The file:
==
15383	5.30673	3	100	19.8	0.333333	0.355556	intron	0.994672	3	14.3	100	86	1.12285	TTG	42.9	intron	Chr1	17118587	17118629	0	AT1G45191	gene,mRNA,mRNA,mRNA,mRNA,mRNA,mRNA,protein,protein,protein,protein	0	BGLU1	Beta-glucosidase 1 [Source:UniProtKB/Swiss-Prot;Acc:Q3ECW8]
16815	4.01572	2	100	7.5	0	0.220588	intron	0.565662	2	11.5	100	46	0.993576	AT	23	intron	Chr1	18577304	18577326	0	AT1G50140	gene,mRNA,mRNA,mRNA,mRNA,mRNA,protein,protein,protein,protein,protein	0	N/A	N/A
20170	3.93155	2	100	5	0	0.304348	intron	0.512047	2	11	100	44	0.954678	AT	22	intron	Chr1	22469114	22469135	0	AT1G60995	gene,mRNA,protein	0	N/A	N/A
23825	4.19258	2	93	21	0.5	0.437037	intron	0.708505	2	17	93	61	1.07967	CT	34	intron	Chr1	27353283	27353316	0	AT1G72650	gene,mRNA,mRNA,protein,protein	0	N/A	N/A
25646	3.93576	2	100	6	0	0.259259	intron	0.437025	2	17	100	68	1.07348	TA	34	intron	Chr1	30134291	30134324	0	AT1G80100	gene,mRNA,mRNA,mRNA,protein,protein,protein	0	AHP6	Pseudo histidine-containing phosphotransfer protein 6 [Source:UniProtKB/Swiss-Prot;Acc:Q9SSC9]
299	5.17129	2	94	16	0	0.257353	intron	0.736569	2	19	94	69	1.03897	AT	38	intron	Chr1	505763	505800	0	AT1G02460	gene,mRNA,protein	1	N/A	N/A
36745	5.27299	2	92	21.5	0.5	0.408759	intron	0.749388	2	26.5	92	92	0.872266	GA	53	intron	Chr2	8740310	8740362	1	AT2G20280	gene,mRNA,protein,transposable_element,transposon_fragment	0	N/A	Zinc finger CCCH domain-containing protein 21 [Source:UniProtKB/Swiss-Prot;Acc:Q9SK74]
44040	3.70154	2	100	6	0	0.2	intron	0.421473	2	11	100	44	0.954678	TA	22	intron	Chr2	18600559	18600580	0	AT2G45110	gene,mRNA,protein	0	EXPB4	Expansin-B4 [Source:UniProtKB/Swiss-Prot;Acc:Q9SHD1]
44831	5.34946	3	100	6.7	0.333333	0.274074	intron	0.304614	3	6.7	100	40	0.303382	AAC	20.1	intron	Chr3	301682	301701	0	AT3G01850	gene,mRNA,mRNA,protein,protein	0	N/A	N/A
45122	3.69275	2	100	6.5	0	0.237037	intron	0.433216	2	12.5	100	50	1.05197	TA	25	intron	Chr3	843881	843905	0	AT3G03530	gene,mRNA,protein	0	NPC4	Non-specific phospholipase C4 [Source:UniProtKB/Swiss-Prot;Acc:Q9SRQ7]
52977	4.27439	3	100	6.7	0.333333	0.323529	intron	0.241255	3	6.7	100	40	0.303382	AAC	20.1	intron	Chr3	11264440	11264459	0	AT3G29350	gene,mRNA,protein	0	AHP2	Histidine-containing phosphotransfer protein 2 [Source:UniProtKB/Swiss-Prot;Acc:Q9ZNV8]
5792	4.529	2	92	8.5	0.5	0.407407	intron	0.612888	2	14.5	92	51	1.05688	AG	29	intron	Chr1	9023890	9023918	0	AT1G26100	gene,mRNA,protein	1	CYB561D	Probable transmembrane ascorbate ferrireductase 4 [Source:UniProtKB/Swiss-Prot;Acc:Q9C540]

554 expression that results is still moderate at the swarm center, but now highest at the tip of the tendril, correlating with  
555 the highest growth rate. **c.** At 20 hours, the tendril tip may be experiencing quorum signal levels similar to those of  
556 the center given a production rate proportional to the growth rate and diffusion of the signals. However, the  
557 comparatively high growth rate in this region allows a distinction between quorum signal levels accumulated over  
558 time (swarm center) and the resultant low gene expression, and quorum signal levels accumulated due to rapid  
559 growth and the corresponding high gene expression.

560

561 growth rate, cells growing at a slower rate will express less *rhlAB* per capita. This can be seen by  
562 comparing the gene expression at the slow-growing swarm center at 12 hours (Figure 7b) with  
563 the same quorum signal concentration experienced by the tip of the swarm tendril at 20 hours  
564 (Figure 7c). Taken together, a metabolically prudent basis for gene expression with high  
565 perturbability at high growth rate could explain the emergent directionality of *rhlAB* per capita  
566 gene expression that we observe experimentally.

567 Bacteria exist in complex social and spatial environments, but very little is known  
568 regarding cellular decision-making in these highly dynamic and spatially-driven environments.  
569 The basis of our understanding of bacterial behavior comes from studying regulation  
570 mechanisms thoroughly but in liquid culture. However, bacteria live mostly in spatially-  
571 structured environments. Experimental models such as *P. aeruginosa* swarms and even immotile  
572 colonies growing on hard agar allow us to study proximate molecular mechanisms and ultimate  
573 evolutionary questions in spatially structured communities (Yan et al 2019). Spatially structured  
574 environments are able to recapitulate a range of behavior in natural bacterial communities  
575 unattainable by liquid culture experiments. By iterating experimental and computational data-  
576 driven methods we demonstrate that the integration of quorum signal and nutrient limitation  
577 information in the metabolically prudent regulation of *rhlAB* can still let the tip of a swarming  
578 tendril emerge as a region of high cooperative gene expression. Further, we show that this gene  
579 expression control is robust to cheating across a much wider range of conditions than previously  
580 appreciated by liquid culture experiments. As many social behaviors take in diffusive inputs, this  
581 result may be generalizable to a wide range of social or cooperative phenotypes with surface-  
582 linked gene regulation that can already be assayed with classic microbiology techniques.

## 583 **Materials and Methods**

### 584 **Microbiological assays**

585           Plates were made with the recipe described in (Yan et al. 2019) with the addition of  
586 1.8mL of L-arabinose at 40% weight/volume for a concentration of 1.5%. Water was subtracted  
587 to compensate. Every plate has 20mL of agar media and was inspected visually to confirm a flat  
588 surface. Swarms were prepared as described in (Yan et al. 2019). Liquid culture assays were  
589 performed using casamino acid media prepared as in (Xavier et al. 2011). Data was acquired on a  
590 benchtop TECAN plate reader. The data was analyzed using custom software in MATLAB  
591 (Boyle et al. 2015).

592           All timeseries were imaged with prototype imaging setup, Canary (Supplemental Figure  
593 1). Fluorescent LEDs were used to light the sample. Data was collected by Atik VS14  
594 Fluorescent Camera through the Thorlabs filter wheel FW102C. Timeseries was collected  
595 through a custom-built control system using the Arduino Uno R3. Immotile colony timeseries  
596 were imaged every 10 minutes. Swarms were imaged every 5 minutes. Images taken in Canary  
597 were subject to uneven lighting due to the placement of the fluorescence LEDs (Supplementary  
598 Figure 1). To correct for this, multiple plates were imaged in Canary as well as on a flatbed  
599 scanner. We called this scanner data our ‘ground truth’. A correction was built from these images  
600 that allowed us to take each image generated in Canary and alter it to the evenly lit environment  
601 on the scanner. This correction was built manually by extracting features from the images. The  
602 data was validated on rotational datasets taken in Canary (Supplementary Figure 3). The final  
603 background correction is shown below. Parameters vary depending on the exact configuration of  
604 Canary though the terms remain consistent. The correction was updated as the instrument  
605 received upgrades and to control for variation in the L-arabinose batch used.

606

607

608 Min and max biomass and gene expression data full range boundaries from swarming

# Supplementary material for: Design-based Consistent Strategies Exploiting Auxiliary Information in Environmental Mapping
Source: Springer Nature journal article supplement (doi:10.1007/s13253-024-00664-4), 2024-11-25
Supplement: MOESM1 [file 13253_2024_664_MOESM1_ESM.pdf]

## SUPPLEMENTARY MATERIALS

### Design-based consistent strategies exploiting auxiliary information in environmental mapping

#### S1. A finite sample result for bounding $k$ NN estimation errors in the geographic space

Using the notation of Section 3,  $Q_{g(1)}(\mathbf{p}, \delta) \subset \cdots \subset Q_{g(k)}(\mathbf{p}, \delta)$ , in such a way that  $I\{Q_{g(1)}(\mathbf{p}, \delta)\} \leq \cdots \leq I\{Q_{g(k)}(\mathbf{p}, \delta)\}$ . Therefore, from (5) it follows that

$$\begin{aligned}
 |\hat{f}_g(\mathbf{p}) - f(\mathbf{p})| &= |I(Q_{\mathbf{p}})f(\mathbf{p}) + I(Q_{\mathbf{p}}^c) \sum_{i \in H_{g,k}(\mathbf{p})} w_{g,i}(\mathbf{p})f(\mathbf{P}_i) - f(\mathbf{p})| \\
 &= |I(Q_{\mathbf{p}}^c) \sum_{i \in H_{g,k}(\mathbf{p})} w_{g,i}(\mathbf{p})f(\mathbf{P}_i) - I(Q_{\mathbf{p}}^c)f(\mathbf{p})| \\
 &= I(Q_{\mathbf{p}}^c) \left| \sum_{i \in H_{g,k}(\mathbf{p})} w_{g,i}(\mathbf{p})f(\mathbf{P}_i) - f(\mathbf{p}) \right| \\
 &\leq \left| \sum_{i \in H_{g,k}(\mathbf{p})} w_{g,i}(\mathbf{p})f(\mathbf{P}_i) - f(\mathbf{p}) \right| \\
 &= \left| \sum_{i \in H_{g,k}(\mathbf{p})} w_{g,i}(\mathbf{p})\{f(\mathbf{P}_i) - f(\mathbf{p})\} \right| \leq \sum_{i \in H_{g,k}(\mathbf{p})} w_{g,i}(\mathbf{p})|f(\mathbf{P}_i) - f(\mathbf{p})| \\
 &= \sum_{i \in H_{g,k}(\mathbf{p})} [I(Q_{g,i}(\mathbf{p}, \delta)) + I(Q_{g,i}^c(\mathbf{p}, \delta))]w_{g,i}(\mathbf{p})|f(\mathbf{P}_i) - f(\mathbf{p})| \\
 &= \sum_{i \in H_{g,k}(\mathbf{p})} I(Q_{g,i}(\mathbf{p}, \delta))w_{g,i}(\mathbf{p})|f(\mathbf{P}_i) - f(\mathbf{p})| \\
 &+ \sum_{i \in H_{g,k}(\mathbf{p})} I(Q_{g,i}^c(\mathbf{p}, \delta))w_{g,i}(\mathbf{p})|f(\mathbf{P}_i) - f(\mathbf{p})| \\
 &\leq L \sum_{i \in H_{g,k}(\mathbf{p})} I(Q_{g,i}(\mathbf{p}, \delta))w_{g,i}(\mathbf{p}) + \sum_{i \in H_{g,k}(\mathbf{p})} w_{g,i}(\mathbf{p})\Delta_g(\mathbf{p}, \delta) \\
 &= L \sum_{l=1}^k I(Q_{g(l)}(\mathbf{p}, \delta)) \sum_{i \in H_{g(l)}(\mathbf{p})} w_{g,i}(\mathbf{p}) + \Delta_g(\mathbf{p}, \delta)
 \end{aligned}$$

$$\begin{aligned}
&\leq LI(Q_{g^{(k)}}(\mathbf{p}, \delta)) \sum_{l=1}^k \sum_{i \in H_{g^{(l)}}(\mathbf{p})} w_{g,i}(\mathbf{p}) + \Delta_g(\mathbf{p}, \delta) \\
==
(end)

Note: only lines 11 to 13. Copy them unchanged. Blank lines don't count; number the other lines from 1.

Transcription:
52977	4.27439	3	100	6.7	0.333333	0.323529	intron	0.241255	3	6.7	100	40	0.303382	AAC	20.1	intron	Chr3	11264440	11264459	0	AT3G29350	gene,mRNA,protein	0	AHP2	Histidine-containing phosphotransfer protein 2 [Source:UniProtKB/Swiss-Prot;Acc:Q9ZNV8]
5792	4.529	2	92	8.5	0.5	0.407407	intron	0.612888	2	14.5	92	51	1.05688	AG	29	intron	Chr1	9023890	9023918	0	AT1G26100	gene,mRNA,protein	1	CYB561D	Probable transmembrane ascorbate ferrireductase 4 [Source:UniProtKB/Swiss-Prot;Acc:Q9C540]

554 expression that results is still moderate at the swarm center, but now highest at the tip of the tendril, correlating with  